Nibbling can also happen to you when your dog wants to play. If your dog is in a playful mood, he might nibble on you as a way to get your attention that it’s play time. Sometimes the nibbling to force play time is only done as a puppy and your dog could grow out of it. There are some adult dogs that still use nibbling as a way to get your attention for play time, especially if you are preoccupied with other work.
How to Minimize the Dog’s Nibbling / Cobbing Behavior
If your dog nibbles on you and you want it to stop, then you must begin thinking and acting like a dog would in this situation. When he nips at you say “Ouch!” really loud to mimic the yelp from a dog, and your dog will realize that he hurt you.
You should also make your hand go completely limp so that your dog will understand that this behavior isn’t welcome. When your dog stops, you want to praise him and give him gentle pets.
If the behavior continues, you also can purchase chew toys that hopefully will distract your dog from nibbling on you. Chew toys and other items will give your dog something else to focus on instead of your hand.
What Is Cobbing and How to Address It
As a responsible dog owner, it’s important to understand your pet’s behavior, including nibbling or cobbing.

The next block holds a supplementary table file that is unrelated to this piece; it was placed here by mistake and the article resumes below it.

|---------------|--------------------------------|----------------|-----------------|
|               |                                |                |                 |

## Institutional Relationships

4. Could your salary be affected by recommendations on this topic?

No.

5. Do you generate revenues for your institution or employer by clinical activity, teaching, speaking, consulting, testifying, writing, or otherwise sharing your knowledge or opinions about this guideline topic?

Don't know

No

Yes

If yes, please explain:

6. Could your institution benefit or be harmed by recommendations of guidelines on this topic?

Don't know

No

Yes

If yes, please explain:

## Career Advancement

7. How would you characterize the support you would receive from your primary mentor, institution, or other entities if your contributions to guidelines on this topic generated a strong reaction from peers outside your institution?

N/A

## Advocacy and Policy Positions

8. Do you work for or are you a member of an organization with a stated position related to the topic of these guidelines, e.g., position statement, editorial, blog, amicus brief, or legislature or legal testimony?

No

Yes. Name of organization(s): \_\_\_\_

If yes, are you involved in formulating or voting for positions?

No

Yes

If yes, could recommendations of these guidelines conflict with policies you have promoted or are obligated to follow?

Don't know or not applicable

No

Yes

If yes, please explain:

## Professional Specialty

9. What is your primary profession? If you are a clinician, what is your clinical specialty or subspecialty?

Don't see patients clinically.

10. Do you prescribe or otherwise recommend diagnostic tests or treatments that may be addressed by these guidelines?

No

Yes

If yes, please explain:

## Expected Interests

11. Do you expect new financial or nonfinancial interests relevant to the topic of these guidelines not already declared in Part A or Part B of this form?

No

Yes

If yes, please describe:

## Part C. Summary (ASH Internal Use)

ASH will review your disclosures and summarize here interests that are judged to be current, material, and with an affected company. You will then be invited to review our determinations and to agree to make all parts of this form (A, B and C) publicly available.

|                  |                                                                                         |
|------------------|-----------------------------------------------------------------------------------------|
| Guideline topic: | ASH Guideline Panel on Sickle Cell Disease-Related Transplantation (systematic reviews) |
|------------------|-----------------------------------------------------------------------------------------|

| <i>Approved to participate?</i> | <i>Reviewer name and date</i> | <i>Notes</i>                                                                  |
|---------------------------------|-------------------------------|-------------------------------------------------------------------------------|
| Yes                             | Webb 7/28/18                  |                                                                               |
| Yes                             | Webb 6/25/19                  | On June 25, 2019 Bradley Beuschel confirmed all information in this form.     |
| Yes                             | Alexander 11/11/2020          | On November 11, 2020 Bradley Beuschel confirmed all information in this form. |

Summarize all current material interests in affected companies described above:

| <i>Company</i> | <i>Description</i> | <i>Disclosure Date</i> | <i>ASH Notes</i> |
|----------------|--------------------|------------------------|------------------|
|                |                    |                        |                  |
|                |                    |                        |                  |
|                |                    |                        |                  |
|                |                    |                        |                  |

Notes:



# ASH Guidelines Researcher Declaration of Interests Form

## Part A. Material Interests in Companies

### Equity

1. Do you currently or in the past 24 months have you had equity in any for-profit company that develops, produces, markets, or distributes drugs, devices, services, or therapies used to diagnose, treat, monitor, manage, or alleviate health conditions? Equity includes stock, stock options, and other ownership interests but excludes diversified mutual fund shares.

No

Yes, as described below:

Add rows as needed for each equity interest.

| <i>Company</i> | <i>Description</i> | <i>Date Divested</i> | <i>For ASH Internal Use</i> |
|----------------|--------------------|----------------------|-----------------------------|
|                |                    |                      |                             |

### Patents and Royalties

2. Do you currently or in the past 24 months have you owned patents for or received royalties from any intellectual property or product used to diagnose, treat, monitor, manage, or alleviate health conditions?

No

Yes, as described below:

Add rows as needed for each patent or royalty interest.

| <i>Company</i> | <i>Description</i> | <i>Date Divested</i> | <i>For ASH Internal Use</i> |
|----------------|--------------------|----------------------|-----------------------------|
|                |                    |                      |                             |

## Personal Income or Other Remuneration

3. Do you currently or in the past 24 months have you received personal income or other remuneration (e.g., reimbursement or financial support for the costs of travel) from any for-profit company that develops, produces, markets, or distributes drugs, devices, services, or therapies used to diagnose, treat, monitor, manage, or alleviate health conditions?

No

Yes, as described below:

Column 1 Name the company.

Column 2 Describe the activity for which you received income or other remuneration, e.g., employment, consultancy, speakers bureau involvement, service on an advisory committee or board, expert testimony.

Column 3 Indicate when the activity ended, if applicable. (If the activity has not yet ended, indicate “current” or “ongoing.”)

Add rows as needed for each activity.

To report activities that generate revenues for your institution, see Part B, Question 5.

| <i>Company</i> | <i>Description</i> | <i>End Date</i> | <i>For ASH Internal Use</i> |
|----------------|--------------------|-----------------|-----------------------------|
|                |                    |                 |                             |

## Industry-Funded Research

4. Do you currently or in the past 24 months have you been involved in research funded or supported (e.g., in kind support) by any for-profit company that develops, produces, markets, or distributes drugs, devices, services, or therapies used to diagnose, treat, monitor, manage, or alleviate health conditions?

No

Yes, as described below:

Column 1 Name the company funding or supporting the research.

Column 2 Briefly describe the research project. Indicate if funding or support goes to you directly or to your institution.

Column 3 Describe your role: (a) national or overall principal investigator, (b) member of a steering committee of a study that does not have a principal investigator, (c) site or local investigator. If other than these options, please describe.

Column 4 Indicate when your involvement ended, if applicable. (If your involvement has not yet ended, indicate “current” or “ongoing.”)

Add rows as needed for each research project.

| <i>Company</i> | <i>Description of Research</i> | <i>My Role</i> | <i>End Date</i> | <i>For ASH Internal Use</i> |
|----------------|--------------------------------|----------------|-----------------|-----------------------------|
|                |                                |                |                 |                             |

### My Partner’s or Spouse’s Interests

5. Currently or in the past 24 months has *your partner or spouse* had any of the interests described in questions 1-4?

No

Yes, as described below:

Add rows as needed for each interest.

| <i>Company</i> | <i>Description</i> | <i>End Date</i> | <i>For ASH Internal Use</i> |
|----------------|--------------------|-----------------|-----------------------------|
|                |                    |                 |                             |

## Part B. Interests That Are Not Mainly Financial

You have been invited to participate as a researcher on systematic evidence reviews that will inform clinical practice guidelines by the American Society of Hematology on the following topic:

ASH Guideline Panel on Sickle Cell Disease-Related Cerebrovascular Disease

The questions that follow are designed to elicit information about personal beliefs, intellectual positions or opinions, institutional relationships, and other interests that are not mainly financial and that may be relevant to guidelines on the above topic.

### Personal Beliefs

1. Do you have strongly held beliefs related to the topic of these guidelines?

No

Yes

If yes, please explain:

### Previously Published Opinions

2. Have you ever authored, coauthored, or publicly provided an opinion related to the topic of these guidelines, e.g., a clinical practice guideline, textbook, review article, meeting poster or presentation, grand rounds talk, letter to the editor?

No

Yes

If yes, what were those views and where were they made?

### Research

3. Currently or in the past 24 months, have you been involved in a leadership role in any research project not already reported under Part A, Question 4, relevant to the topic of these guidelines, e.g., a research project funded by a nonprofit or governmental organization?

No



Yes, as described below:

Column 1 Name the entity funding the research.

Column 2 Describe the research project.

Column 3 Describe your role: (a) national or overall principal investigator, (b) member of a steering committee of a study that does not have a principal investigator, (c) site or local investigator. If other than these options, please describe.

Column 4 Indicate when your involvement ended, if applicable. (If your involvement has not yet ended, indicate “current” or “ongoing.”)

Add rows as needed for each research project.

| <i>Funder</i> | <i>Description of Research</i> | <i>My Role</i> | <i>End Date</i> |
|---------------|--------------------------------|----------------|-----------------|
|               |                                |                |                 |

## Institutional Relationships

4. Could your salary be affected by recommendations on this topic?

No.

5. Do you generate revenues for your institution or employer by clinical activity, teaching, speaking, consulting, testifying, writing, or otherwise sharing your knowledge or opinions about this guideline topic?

In this article, we’ll delve into the reasons behind your dog’s nibbling habits, learn about cobbing, and explore effective ways to address this behavior.
What is Cobbing?
Cobbing refers to a specific type of nibbling behavior in dogs, characterized by gentle chewing or mouthing using the front teeth. This behavior is different from aggressive biting, as it’s typically harmless and painless.
Cobbing can be a sign of affection, grooming, or a means of communication between dogs and their humans.
Why Do Dogs Nibble?
There are various reasons dogs may engage in nibbling behavior, including:
Affection and Bonding
Dogs often nibble as a way of expressing their love and affection for their humans or other animals. This behavior can be traced back to their ancestors, wolves, which engage in mutual grooming to reinforce social bonds.
Grooming and Cleaning